Blesok no. 103-104, December, 2015
Translated by Dalibor Krnetić and Igor Cvijanović
Soundless, the sun clock’s shadow trembles.
You sneak out of house, driven by something
more peculiar than a lack of inspiration. It might be
unbearable shame, tearing you apart every time
you wish to shout your poems to the friends across the street.
Or it’s something earthier, sheer hunger, perhaps.
Just like insects’ tentacles do, your eyes warily feel
the world, barely touching the indifferent horizon.
For a second, closing the gate behind, you forget
the exhausted pattern of your scarcely woven letters:
a long-gone summer, a ripened day, the balance of elements,
the absent sea whose livid atoms, brought by a breeze
through curtains of times, decompose in your mind
to the rhythm of your breathing and leave behind
brittle husks of desire, pebbles of a few survived loves,
bloodless poetry craving for the sunlight of precious late insights.
You descend to a deserted beach and, as if for the first time,
roll a shell in your hands, taste a fig, take off your shoes.
You are cautious to whom you speak of yourself
and of those who witness you. Because, with every word that
passes to Others, less of you remains. You perceive how,
in the darkness of cold chambers, the letters of the forgotten
chronicle peel. You bury pictures like exotic plant seeds,
patiently waiting for them to leaf out of the herbarium.
Mortally alone, you drink a dewy glass of Riesling, and
you think how Real Poetry doubtlessly dwells in simplicity
to which you just cannot rise: in our daily bread’s prominent slice
on the table, the enchanting ordinariness of an olive bowl,
the undeniable warmth of a stone bench upon which you lay
your palm. Suddenly – noon. And, really, how can you not envy
the eye on its Pure Annunciation, on the boundless-blue sky
carving out the circuits of the belfry in which the silence amasses?
The flight of the pigeons like a black constellation in a wild helix
disappears from sight, consciousness, memory. And one silver
balloon, released out of fear, drifts down the agony of echoes.
Voiceless, the shadow of the sun’s clock shivers.
the golden ratio
You turn a shell in your palms, taste a fig and take your shoes off.
But already grey and languid, the sea rubs out your traces on the sand,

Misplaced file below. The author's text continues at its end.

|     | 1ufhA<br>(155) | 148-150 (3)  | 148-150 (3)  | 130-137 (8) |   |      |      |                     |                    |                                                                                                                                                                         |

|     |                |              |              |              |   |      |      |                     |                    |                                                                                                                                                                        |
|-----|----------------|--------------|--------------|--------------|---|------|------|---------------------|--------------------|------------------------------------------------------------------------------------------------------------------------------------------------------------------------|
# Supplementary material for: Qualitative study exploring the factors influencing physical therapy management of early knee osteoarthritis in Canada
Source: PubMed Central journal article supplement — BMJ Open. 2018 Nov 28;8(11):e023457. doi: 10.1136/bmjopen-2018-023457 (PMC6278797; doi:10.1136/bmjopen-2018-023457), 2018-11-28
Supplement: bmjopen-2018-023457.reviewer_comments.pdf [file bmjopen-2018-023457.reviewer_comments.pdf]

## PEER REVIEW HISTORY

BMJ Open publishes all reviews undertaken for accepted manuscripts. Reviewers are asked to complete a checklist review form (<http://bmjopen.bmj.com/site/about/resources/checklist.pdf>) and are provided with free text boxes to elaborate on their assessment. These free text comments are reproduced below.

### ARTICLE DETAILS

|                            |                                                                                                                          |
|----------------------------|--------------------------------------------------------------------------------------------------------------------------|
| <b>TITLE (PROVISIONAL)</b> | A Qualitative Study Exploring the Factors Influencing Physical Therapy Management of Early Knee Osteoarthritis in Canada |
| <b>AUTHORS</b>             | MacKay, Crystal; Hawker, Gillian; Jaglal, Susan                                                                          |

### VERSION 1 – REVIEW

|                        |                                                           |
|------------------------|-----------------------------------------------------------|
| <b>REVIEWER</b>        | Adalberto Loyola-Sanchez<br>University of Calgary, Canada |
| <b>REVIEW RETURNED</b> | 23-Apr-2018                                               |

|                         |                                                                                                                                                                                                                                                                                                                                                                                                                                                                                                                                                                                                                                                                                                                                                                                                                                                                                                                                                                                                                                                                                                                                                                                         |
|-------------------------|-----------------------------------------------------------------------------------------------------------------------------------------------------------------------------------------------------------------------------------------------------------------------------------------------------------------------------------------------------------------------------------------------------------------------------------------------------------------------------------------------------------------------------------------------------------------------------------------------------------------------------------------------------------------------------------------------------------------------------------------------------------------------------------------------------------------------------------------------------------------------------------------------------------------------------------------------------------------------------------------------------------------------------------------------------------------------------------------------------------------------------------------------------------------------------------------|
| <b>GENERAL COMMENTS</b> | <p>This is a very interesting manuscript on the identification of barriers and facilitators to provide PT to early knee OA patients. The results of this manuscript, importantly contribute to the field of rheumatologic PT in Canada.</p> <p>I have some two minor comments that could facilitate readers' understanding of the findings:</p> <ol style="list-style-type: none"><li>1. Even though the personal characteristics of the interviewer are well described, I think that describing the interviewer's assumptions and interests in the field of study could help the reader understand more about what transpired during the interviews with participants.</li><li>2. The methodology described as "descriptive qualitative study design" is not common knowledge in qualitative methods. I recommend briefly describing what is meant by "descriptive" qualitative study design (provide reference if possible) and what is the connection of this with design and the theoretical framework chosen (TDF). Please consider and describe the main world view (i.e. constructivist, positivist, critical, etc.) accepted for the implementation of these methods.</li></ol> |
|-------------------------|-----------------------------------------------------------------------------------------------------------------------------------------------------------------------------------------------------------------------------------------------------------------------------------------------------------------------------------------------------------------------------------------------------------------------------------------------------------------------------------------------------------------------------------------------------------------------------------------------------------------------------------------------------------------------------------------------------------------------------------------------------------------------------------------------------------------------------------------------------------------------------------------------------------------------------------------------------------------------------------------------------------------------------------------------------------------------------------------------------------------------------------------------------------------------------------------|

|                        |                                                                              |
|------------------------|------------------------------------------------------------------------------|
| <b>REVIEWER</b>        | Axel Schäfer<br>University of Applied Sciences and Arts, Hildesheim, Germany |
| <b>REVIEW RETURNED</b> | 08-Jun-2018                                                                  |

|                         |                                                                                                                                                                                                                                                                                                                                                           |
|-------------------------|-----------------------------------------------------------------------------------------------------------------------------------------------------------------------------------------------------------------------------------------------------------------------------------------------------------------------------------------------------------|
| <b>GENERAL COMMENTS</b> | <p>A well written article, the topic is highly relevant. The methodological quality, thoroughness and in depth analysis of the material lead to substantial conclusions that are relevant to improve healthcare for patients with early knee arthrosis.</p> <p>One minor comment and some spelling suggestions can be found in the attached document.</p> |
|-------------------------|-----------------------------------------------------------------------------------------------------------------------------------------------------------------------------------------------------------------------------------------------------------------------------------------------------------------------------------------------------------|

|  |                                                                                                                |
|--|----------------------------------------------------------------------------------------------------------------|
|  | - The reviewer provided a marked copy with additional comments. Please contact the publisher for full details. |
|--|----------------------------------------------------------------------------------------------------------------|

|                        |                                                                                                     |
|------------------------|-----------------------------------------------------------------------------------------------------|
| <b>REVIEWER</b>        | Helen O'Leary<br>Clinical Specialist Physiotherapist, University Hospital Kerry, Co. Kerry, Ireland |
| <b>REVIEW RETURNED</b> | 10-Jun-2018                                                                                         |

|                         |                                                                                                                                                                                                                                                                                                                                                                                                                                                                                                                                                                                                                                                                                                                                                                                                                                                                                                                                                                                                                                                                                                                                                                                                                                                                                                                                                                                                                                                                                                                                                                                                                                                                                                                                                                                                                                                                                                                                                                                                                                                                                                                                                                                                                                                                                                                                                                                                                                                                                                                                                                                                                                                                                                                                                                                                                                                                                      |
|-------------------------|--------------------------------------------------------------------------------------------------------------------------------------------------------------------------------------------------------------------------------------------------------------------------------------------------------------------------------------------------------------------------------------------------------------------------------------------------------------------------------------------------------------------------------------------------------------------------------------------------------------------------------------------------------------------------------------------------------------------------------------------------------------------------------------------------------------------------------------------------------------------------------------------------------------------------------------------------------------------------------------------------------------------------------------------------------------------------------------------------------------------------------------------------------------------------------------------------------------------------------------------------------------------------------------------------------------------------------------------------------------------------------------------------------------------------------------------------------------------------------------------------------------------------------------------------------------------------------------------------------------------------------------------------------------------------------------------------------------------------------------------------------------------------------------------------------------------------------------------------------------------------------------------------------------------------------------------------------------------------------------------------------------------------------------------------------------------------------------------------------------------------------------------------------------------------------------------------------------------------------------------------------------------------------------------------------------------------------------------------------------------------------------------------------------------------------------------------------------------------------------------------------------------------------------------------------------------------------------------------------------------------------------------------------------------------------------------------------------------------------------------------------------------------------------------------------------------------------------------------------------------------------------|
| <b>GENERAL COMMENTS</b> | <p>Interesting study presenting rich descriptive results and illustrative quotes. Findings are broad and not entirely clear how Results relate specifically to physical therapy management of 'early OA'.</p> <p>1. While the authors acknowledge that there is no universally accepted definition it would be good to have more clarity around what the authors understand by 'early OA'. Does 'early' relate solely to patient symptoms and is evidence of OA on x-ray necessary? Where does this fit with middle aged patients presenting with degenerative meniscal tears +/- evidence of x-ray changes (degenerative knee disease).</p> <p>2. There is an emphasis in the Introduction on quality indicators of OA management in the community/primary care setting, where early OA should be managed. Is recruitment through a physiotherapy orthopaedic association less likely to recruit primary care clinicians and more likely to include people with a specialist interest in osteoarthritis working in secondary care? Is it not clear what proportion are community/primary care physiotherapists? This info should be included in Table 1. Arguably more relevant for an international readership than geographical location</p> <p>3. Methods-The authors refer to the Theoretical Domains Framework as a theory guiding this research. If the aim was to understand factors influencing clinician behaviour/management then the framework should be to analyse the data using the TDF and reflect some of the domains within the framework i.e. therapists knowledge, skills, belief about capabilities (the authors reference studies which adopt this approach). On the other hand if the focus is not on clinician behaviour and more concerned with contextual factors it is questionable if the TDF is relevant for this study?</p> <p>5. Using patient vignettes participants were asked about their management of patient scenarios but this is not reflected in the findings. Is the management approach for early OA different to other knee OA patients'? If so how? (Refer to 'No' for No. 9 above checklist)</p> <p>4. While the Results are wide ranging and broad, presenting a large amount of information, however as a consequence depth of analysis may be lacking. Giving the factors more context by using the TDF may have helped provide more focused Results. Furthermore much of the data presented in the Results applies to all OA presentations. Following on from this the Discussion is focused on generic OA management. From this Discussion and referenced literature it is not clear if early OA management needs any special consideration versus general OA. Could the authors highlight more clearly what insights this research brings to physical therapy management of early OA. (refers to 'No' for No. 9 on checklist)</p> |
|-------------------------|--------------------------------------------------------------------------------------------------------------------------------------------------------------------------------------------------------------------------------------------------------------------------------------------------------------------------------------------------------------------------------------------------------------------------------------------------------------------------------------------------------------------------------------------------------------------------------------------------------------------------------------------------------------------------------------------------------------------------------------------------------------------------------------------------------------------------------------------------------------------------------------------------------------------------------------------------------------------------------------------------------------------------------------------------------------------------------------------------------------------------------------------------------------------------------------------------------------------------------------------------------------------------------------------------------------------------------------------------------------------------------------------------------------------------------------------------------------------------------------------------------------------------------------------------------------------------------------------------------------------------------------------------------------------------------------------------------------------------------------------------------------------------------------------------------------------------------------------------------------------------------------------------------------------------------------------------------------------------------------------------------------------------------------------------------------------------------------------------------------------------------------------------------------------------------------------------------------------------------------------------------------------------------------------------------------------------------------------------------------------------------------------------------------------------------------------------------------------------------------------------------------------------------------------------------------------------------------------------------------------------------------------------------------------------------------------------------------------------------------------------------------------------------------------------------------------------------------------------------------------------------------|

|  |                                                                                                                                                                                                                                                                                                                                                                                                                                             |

washes the fragmented circuit of those millimeter-long wanderings,
from the room to the beach, from letter to body, from self to self.
From me to you. Cypresses burn in the early Midsummer Night.
The harsh braying of a donkey shudders through the muddled stars, as the
last pulses of the daylight wane. You weep on this ever familiar shore,
but not because the world might appear more gentle and dear, shrouded
in a fine sheet of tears, but because of one verse that someone recited to
you some several centuries ago, and which has finally found you:
Long have I lain here before thee and after thee long shall I lie – through
the mossy velvet shines forth an epitaph from a chipped tombstone, burns
the epistle of the Dead, the whisper from the rock, the voices without pictures.
You are Pure Stillness in this shortest of nights, as you search for the Word’s
Golden Ratio, which won’t tear up the sky like a burning arrow, surpassing
with Logic the geometry of the fall, rather with the pace of the turtle’s crawl
from the lost memory and a dream, surfacing from the endless ocean of Time,
and quietly curling up in someone’s wasted heart.
You’re surpassed by the truth about yourself,
this sum of big and small dark moments. Stretched
across the room, like a clothesline in a poor hovel,
a torpid wish: you should come to terms with your childhood.
You should let the vicious memory be said: you gather
yourself around hollow summer holidays without the father,
the void mercifully filled by uncles and grandparents or
the bland taste of tulumbas in the local cake shop. Around the
subdued breathing of a four-year-old who goes down the steps
into a bar full of cigarette smoke as if into the purgatory, and
tries to make out a familiar face among the backgammon players
from a low-angle perspective. And his prickly embarrassment,
as he comes back alone, mission unaccomplished, telling
his mother a made-up message. “He said we should walk a bit more.”
You and him – and a whole language between. It’s May.
In the rib creel, a splashing heart.
Your tongue-tied mouth reaches for the world
serene in its otherness. Leaning on your elbow
on the porch, in the discrepancy of the heart’s
dull throbs (as if someone is pickaxing their way
through the decrepit mines of your body), you watch
dusk swallowing linden crowns. From somewhere,
deep in the room, a gloomy chorus thrusts at your nape:
I’ve been a miner for a heart of gold… Childhood is a long
shadow, carelessly touching you on the shoulder and
whispering: How much do you owe to the dead? Behind
closed eyelids, like a smothered wax candle, golden letters
flicker: Blaupunkt. Your father’s father, his back
in front of you, does a crossword. Your tiny fingers change
stations on the tuner of the ancient tube radio and you navigate
through the language disarray. From this boisterous hive,
out of the blue, a sevdalinka rises crackly. About a barn,
a tomb and the clatter of wooden slippers. About tears.
You know these words. “And what’s the gift from the heart?”
you ask. He turns off the radio. Silence pulsates. Summer is
cracked open like an orange by the feeble fingers of a child.